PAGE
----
When God Regrets His Own Deeds

In the previous passage, we saw one of the most difficult theological ideas people must wrestle with in our time. God is sovereign and good, and His wrath is always just. When we elevate God’s love as His single attribute and assume that He is only interested in the acceptance of people, we have ignored much of the Bible in both the Old and New testaments. In today’s passage, we see another difficult theological idea. Scripture records, on a few occasions, that God regretted, relented from, or repented of His own actions. This can be difficult to think about with respect to God’s sovereignty and providence. If God has ordained the events of history and predestined the election of His people from before the foundation of the world, how can He possibly regret, relent from, or repent of anything that He does? If He is good and always does what is best according to His will, how can He also regret His own actions? If Saul has been reprobate from at least Genesis 49, how is it possible for God to regret making Saul king only for Saul to become prideful and fall? According to the story up to this point, God has been working all this together. It doesn’t surprise Him. Yet, God regrets what He has done.

How can we begin to think about what seems to be a great tension in God’s Bible? 

1 Samuel 15:10-20

Then the word of the Lord came to Samuel, saying, “I regret that I have made Saul king, for he has turned back from following Me and has not carried out My commands.” And Samuel was distressed and cried out to the Lord all night.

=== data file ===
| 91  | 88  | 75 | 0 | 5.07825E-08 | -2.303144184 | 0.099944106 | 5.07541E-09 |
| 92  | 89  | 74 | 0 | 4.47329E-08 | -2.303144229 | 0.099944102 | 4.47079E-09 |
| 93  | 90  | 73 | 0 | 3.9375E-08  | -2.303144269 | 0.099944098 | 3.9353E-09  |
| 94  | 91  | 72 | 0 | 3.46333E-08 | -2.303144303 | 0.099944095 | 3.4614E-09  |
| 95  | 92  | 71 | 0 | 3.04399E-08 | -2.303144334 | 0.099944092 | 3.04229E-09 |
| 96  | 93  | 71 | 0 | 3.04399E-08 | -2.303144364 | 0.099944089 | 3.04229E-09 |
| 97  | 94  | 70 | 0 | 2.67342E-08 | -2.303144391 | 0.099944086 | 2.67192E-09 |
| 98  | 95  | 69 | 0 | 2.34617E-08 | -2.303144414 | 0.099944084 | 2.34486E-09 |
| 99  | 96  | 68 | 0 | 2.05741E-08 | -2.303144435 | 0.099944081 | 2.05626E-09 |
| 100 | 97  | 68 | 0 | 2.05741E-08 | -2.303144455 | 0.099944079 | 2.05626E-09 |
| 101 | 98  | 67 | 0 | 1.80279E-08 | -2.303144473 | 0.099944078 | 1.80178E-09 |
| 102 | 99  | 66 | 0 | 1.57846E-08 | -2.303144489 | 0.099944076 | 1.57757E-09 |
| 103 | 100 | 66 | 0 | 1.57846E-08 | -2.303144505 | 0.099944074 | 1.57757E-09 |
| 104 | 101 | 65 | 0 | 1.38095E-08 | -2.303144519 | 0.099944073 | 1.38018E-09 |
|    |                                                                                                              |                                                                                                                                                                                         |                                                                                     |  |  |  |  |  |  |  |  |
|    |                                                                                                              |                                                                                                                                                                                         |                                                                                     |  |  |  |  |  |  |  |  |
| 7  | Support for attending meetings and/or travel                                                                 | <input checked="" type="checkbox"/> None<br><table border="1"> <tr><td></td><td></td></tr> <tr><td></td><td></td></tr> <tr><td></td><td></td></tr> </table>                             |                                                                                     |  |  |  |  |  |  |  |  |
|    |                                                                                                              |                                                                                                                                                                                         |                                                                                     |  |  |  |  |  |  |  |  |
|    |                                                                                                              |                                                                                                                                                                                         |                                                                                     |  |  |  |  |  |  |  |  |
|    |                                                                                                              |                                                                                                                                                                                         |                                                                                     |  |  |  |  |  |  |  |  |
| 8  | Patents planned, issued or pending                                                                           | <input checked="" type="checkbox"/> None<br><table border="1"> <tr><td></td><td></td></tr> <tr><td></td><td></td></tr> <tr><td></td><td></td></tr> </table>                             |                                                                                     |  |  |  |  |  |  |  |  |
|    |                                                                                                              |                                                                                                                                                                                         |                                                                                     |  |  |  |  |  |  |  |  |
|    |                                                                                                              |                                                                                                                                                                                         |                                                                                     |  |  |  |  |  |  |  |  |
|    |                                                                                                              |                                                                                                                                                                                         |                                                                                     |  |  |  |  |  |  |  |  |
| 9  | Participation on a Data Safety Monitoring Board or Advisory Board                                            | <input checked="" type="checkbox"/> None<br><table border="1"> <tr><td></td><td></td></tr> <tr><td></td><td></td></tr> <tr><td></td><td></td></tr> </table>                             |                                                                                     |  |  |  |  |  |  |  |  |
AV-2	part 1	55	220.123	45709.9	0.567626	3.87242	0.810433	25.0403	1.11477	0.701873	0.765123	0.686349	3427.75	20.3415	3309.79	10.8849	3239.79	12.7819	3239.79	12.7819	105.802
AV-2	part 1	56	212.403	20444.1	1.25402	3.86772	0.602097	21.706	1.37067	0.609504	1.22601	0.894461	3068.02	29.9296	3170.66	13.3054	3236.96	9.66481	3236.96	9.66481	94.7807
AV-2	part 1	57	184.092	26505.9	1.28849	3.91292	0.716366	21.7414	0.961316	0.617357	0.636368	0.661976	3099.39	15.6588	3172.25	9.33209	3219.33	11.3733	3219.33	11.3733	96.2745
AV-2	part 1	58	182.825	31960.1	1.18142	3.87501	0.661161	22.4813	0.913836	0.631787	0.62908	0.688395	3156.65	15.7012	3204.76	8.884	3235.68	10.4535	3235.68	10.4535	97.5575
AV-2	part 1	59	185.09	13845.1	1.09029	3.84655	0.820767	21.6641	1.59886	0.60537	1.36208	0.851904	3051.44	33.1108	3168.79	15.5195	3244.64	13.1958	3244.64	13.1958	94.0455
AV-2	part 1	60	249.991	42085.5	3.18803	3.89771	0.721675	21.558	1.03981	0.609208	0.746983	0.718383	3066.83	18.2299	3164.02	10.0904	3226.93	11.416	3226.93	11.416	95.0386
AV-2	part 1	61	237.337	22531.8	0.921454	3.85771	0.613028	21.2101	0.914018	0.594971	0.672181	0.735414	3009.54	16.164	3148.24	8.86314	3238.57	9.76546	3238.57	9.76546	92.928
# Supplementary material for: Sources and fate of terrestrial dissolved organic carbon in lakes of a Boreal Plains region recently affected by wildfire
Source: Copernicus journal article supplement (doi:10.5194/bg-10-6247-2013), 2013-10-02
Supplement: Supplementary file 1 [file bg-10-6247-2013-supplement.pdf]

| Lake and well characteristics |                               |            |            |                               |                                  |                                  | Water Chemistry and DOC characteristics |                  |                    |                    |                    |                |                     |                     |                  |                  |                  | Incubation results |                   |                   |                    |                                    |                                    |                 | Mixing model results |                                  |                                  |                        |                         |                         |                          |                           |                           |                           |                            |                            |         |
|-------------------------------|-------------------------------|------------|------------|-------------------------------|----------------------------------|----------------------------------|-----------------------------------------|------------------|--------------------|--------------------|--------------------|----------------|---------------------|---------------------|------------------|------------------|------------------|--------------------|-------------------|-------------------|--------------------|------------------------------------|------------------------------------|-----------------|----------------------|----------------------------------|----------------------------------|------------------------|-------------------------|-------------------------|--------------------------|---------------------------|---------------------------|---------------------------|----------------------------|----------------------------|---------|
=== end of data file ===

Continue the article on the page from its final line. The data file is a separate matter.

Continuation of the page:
Samuel rose early in the morning to meet Saul; and it was told Samuel, saying, “Saul came to Carmel, and behold, he set up a monument for himself, then turned and proceeded on down to Gilgal.”

Samuel came to Saul, and Saul said to him, “Blessed are you of the Lord! I have carried out the command of the Lord.”

But Samuel said, “What then is this bleating of the sheep in my ears, and the lowing of the oxen which I hear?”

Saul said, “They have brought them from the Amalekites, for the people spared the best of the sheep and oxen, to sacrifice to the Lord your God; but the rest we have utterly destroyed.”

Then Samuel said to Saul, “Wait, and let me tell you what the Lord said to me last night.” And he said to him, “Speak!”

Samuel said, “Is it not true, though you were little in your own eyes, you were made the head of the tribes of Israel? And the Lord anointed you king over Israel, and the Lord sent you on a mission, and said, ‘Go and utterly destroy the sinners, the Amalekites, and fight against them until they are exterminated.’ Why then did you not obey the voice of the Lord, but rushed upon the spoil and did what was evil in the sight of the Lord?”

Then Saul said to Samuel, “I did obey the voice of the Lord, and went on the mission on which the Lord sent me, and have brought back Agag the king of Amalek, and have utterly destroyed the Amalekites

God’s regret (v. 10-11)

Then the word of the Lord came to Samuel, saying, “I regret that I have made Saul king, for he has turned back from following Me and has not carried out My commands.” 

Here, God speaks to Samuel and tells Samuel He regrets having made Saul king—even though it was His perfect plan to do so. Notice that God did not indicate He would do things differently if given another chance. God did not indicate He misstepped. He did not say He sinned or did not foresee Saul’s treachery. As we have walked through 1 Samuel, we have seen God’s providence at work every step of the way. We saw God predict Saul would be a ravenous wolf when we looked at 1 Samuel 8:10-22 particularly. This means, in the context of this story, God cannot mean He was wrong or did something less than perfect when He reveals His regret to Samuel. What does it mean that God might ever regret His own action?